How Genealogy in Germany Compares to US Genealogy

By James M. Beidler
Alte Elisabeth silver mine, Freiberg, Germany (Unsplash)

Genealogists use “time and place” to determine what records exist for a particular era and locality of interest. But this tried-and-true principle applies to the present day, too, in a way. Though the “time” is the same, genealogy itself is different based on where you’re researching. Genealogy in Germany, for example, significantly differs from genealogy in the United States in a few interesting ways:

  • The gender balance is reversed in Germany, where a larger percentage of genealogists are men. In the United States, women typically make up a majority of genealogists.
  • Most Americans focus mostly on direct-line ancestry, tracing their ancestors “up the stovepipe” to German-speaking Europe and taking those lines back as far as possible. But Germans take a more collateral approach to family research. Genealogists in Germany want to learn how their ancestors and their families (siblings, cousins, etc.) fared upon leaving for the United States. This likely reflects the direction of the immigration flow.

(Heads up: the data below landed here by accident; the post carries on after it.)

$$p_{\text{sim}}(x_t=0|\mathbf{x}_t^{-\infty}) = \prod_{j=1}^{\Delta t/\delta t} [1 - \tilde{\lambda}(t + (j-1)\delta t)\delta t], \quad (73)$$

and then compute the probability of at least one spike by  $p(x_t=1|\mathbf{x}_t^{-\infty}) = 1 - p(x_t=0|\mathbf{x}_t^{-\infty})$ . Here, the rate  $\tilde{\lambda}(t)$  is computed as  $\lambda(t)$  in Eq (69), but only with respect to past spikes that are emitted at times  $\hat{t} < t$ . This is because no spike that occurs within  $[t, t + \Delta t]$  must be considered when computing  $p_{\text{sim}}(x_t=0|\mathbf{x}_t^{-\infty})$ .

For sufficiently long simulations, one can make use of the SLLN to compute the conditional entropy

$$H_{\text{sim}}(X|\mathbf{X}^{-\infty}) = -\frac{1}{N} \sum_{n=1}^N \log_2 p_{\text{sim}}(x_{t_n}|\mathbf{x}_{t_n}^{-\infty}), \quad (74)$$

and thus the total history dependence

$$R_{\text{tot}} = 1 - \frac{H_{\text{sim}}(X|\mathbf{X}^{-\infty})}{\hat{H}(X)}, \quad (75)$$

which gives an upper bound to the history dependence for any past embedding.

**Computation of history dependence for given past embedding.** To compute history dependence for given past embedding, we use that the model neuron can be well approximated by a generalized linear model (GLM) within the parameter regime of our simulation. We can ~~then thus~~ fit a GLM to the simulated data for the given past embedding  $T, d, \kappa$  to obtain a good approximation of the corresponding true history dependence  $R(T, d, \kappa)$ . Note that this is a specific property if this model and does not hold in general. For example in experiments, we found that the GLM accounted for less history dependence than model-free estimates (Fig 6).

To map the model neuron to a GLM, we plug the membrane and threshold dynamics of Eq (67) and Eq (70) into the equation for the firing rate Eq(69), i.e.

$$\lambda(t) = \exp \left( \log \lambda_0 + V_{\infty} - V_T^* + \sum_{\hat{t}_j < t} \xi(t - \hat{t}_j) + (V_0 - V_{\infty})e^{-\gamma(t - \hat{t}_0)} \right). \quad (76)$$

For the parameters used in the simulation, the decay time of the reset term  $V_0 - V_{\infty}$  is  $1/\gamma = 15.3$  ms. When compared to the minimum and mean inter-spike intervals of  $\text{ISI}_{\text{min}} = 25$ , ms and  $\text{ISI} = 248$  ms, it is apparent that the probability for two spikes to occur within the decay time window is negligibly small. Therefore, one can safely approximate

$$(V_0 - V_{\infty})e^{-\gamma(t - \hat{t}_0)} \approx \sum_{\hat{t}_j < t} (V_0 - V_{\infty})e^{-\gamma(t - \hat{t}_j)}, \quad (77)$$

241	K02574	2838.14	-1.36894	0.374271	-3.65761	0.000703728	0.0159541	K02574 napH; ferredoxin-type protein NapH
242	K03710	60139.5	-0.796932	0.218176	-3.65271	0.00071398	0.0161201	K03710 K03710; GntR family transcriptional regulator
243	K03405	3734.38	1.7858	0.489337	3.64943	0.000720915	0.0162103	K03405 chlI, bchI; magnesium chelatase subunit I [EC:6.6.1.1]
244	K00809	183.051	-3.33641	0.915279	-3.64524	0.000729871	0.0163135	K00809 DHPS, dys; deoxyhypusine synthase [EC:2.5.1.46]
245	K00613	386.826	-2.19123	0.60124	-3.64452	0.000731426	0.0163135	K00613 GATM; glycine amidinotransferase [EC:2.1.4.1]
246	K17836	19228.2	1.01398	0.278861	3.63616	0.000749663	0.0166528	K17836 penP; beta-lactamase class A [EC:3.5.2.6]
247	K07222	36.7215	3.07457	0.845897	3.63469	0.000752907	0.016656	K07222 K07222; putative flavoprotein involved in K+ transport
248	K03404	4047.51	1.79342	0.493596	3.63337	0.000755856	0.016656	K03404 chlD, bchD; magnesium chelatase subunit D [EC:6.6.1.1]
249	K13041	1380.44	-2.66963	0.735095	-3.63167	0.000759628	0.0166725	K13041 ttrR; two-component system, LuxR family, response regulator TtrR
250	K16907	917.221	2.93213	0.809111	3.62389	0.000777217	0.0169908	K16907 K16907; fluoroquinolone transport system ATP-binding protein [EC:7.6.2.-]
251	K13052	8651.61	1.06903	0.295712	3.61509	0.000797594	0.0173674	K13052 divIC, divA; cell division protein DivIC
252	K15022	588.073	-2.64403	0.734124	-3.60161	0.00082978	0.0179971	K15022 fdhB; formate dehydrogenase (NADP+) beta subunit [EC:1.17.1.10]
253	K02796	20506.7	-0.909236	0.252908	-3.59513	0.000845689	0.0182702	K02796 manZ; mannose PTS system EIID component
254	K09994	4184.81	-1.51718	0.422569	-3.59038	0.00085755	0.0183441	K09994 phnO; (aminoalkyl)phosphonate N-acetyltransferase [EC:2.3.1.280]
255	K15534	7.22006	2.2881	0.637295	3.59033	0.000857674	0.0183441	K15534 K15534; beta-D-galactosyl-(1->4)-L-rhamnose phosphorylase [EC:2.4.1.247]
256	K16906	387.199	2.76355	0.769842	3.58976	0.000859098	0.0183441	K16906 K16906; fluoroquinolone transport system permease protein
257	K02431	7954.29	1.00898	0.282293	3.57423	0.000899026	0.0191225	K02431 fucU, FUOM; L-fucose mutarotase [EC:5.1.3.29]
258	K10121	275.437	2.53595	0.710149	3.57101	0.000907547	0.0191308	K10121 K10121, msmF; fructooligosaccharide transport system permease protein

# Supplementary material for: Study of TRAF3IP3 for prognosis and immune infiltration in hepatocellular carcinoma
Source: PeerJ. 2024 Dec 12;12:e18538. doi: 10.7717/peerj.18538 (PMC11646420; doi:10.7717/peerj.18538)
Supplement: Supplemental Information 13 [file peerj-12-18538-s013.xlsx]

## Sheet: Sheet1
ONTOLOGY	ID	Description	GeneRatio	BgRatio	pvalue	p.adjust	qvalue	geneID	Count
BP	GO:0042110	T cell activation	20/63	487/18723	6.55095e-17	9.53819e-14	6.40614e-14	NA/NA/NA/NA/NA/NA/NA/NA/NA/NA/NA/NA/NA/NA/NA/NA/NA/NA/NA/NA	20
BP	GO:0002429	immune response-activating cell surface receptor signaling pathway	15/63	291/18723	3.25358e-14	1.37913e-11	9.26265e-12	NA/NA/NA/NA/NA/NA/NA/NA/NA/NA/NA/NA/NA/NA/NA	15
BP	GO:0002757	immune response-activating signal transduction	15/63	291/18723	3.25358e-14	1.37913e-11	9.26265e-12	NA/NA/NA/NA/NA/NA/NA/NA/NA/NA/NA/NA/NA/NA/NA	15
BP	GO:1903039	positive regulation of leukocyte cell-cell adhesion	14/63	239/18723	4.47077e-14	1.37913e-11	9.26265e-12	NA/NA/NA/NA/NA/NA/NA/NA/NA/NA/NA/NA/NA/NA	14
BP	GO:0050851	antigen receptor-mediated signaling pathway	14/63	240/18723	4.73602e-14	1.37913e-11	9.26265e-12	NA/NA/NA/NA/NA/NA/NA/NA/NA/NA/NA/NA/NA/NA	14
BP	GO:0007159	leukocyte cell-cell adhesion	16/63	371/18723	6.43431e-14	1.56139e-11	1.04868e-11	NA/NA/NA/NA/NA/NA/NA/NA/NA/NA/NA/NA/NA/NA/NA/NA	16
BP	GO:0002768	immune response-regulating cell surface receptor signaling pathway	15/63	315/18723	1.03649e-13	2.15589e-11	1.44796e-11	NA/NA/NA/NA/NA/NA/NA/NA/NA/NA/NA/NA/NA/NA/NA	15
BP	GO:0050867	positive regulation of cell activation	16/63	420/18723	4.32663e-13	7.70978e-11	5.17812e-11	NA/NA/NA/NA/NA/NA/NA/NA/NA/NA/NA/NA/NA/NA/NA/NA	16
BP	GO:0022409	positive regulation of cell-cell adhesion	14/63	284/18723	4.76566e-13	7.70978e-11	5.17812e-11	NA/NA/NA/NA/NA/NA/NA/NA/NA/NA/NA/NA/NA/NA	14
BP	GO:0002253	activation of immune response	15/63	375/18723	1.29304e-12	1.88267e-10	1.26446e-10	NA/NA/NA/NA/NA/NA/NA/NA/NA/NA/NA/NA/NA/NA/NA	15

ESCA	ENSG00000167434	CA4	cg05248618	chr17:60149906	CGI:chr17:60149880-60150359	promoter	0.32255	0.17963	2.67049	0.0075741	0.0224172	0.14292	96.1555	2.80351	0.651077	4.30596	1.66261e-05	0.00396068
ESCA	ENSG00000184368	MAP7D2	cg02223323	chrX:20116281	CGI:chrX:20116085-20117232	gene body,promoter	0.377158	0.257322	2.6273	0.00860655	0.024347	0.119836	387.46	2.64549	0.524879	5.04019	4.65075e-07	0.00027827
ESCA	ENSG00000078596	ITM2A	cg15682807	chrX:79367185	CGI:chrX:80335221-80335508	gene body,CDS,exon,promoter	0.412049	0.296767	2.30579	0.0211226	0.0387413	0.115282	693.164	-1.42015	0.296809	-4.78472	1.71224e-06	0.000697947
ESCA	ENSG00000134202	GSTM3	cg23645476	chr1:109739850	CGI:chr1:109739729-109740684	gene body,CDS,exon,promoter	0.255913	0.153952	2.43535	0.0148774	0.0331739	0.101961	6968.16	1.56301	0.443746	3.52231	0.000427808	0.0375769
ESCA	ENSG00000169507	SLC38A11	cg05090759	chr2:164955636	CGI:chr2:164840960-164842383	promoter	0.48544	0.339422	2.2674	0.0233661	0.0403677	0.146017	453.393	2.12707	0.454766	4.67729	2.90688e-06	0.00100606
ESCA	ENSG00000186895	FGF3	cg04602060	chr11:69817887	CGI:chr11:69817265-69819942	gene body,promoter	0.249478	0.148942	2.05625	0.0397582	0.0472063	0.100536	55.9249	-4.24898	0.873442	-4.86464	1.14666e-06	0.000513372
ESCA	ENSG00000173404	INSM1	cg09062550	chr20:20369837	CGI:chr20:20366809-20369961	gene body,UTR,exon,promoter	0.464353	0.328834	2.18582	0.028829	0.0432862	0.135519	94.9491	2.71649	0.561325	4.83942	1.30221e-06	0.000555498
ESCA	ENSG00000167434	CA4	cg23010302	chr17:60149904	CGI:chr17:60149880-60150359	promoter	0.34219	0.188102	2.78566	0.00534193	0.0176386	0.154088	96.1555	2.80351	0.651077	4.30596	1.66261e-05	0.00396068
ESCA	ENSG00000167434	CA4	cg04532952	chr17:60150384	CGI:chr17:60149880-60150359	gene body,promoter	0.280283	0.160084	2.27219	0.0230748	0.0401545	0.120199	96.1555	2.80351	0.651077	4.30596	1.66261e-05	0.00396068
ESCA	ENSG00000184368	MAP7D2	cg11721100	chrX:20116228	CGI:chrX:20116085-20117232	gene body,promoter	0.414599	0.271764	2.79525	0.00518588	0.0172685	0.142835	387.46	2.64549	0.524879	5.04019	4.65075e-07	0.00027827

• As a whole, German genealogists are less likely to turn to DNA tests than their American counterparts. Many cite Nazi Germany’s misuse of science and genetics. Indeed, genealogy had a bad reputation for decades after World War II. Before and during the war, some Germans compiled pedigrees to “prove” their Aryan descent.

But German and American genealogists share a penchant for coming together for research—Germans even more so, given their stereotypically meticulous nature. Today, the German genealogy society with the largest membership is the Verein für Computergenealogie (in English, the “Society for Computer Genealogy”). In addition, an umbrella group of about 60 societies, called the DAGV, short for Deutsche Arbeitsgemeinschaft Genealogischer Verbände (“German Union of Genealogical Associations”), functions much like the US-based Federation of Genealogical Societies.

Genealogists in Germany have formed many other local and regional groups with varying degrees of formal organization. I’ll discuss some of those German genealogy groups—including how they can help US researchers—in a future blog post.